Other trends are also working in consumers' favor: Gas prices are still falling, and there are signs that paychecks are finally starting to rise after years of sluggish growth.
"These things are good for the consumer and will easily outweigh the impact of a rate increase," said Chris Christopher, an economist at forecasting firm IHS Global Insight.
The most visible effects of the Fed increases will probably be in short-term borrowing. Rates for credit cards and home equity lines of credit should rise, typically by the same amount as the Fed's increase. The increases could appear as soon as one or two months after the Fed's action. Those rates are tied to banks' prime rate, which responds quickly to the Fed's changes.
Also, Americans with adjustable-rate mortgages will probably face a higher rate at the date of their next adjustment. Auto-loan costs may rise as well, economists said, though not as fast as the short-term rate the Fed controls. Auto-loan rates typically follow the yield on two-year Treasurys.
Greg McBride, chief financial analyst at Bankrate.com, calculates that for a $25,000, five-year car loan, a one-quarter percentage point increase would boost monthly payments by precisely $3.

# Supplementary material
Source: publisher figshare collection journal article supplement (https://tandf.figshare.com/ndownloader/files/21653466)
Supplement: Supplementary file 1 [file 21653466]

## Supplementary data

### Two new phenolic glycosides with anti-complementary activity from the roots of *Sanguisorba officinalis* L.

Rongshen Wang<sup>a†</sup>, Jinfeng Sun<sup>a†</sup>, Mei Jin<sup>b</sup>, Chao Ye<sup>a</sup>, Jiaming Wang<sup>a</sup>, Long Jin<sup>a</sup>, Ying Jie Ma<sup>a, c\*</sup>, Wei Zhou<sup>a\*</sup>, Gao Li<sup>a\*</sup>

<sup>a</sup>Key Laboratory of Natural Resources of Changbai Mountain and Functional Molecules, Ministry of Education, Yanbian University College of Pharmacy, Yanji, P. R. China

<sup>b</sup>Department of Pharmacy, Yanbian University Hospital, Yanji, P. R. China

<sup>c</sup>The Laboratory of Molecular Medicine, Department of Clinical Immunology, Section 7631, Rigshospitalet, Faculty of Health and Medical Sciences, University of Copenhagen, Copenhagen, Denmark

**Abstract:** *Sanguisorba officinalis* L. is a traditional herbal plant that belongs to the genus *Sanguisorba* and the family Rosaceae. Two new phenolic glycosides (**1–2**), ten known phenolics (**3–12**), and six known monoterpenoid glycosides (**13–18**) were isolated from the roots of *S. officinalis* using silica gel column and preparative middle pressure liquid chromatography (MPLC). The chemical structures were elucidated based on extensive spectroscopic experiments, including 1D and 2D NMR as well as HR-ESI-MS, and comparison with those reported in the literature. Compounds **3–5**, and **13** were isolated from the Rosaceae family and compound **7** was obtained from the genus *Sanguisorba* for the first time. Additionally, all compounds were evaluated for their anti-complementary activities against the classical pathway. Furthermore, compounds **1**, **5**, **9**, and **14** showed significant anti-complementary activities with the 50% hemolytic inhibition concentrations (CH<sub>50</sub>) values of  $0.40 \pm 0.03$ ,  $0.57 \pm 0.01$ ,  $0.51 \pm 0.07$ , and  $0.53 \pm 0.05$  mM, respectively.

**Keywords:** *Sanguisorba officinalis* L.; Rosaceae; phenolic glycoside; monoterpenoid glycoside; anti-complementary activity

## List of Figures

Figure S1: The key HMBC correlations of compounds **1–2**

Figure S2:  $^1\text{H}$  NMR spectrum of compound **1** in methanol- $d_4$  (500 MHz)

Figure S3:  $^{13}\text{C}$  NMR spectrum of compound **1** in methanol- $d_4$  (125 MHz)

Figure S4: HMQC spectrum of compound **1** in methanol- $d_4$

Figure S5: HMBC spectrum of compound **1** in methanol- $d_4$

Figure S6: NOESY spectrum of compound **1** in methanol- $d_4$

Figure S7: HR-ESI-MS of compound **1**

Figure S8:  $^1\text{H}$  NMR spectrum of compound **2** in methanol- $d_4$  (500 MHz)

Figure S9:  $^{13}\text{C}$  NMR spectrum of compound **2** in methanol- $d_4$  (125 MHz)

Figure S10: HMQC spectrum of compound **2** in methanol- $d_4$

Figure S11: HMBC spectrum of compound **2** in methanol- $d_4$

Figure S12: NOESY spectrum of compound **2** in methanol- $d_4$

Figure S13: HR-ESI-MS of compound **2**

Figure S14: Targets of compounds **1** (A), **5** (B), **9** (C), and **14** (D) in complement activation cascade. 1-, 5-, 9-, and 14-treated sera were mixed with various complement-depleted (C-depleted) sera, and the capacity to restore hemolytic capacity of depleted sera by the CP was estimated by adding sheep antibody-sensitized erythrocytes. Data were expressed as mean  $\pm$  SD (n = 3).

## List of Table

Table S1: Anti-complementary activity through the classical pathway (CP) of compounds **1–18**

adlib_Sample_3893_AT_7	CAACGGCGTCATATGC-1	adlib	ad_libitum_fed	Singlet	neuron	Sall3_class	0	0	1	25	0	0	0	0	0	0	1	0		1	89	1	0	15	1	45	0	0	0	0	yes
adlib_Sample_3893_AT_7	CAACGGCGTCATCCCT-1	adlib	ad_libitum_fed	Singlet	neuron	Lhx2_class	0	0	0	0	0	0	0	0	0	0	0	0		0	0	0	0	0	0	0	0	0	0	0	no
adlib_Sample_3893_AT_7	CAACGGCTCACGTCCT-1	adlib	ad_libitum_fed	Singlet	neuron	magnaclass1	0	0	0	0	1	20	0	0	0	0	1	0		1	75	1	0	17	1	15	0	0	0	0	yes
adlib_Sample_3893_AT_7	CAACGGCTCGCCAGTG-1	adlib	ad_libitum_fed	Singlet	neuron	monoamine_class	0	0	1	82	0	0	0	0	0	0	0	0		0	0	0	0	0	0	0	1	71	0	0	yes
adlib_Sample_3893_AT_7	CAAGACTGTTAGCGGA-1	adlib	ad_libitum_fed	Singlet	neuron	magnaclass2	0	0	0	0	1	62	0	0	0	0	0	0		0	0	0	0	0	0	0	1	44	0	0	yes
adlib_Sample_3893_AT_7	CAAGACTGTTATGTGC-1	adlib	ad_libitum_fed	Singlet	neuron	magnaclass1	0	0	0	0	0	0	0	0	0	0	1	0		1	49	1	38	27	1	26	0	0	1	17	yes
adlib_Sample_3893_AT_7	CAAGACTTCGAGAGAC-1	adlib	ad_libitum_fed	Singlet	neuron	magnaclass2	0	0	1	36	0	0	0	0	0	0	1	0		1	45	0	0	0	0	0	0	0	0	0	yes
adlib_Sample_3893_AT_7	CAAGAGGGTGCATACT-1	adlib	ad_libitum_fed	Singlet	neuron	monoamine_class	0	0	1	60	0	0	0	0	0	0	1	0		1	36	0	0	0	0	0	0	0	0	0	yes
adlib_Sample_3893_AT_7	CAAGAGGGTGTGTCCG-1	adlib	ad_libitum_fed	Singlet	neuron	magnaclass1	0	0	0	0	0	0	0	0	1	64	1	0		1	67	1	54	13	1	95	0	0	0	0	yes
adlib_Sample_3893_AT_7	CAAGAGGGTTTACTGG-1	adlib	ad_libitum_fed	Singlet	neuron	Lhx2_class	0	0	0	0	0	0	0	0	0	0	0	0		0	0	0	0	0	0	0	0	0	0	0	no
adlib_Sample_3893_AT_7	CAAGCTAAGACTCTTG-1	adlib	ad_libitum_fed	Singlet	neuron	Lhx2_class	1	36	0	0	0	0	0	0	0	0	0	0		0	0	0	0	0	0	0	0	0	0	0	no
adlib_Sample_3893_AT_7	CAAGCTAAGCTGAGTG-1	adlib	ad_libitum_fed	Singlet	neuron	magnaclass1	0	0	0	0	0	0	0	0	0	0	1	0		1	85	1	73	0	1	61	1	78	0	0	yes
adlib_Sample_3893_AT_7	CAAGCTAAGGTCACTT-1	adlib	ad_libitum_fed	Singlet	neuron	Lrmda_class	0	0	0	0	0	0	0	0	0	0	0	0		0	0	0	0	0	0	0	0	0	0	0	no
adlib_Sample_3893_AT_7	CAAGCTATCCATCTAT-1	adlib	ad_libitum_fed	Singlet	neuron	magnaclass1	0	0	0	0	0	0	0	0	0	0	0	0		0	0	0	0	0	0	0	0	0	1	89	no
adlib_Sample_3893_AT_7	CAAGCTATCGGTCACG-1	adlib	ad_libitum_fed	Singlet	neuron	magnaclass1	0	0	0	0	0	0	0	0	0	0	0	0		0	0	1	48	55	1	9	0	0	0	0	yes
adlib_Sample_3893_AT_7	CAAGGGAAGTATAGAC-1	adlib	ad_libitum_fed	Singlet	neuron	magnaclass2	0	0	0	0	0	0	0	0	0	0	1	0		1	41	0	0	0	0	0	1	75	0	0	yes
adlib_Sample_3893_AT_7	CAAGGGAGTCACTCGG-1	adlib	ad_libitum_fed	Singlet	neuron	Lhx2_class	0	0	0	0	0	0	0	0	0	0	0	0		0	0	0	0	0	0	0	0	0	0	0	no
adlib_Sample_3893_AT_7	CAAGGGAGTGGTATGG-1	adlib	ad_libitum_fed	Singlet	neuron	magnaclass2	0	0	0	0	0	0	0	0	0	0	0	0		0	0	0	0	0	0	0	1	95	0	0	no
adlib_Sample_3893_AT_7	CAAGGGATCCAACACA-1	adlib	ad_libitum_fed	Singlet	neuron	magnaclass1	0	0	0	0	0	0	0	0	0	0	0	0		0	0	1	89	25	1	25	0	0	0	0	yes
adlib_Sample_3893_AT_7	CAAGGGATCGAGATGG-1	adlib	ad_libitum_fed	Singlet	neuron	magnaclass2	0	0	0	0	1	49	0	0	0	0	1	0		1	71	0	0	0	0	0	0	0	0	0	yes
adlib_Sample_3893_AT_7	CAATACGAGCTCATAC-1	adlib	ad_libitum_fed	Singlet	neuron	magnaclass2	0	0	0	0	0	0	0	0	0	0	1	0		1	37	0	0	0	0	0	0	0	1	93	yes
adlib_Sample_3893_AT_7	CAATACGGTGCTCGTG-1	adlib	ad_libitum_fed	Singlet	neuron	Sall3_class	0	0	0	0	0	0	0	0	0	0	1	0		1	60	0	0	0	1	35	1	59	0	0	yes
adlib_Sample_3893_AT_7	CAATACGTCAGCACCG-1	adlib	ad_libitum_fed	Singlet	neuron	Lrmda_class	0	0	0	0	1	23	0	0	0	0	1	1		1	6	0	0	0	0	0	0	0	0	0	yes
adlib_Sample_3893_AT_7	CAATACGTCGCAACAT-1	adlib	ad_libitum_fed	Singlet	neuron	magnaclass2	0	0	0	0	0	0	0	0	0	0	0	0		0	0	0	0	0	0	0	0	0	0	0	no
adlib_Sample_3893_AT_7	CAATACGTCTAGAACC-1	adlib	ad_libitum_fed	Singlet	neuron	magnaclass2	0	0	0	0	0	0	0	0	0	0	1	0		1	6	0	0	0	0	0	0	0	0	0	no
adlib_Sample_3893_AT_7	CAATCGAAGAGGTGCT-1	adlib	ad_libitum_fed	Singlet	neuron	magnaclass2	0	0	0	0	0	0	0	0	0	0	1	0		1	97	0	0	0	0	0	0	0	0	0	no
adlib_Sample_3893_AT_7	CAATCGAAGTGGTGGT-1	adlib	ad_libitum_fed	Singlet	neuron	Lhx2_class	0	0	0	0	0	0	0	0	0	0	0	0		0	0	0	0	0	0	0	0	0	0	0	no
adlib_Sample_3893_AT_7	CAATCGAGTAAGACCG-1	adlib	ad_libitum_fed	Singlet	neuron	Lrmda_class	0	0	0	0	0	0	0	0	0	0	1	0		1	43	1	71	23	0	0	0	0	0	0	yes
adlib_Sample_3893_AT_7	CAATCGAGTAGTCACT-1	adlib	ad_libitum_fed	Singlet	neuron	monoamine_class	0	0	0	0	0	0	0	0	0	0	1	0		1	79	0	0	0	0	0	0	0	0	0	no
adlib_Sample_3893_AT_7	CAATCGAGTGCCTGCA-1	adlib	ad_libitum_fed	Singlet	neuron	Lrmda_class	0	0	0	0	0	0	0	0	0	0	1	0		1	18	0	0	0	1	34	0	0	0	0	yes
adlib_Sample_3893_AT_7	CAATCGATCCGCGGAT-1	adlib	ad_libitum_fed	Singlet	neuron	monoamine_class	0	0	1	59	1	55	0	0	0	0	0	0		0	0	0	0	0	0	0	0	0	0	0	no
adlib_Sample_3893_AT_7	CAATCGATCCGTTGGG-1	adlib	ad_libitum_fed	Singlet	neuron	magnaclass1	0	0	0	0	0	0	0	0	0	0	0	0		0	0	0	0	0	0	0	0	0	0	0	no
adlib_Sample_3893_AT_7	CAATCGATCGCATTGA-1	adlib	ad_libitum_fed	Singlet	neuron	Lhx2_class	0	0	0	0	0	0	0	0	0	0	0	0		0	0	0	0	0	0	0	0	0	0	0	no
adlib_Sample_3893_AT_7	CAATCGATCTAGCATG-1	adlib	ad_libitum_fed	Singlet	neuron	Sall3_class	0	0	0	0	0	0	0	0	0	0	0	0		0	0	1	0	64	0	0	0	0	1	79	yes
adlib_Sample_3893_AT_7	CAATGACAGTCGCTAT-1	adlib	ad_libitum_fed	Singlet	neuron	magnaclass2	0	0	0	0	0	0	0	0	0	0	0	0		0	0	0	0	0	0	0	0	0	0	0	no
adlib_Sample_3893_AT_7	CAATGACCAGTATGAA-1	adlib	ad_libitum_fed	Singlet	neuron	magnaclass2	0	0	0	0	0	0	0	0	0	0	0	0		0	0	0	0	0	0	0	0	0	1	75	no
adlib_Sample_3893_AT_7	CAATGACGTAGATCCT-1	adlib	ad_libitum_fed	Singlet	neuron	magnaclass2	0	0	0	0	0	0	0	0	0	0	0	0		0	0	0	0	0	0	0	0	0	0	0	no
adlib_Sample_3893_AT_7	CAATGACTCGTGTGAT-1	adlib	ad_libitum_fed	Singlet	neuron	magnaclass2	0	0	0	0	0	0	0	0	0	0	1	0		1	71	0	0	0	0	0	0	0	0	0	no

"The interest rate impact on the typical household from a quarter percentage point move is almost inconsequential," he said. "Most people won't even notice."
And most people buy homes for reasons that have little to do with a slight rise or fall in mortgage rates, McBride said. They tend to buy when they feel financially secure or experience a major life change, such as having children.
"All those reasons people buy houses remain the same, whether mortgage rates are 4 percent or 4.25 percent," McBride said.
Last month, Doug Lewandowski moved up the closing date on his purchase of a two-bedroom Chicago condo so that he could lock in his rate. He has seen mortgage rates rise by a quarter-point since he started looking in August. Still, the timing of the Fed's move wasn't a big factor in his decision.
"I didn't want rates to jump up significantly," he said, "but I wasn't willing to settle on a place just to get a lower interest rate."
Lewandowski's outlook, if typical of prospective homeowners, is one reason many economists think home sales may rise next year even if mortgage rates tick up.
Many analysts expect the Fed to gradually raise its short-term rate by a total of 1 percentage point by the end of 2016. If so, Frank Nothaft, chief economist at CoreLogic, forecasts that the average 30-year fixed mortgage would rise from roughly 4 percent to about 4.5 percent.
To put that in perspective, before the Great Recession the 30-year fixed mortgage rate never fell below even 5 percent.
Molly Daly contributed to this report.
(TM and Copyright 2015 CBS Radio Inc. and its relevant subsidiaries. CBS RADIO and EYE Logo TM and Copyright 2015 CBS Broadcasting Inc. Used under license. All Rights Reserved. This material may not be published, broadcast, rewritten, or redistributed. The Associated Press contributed to this report.)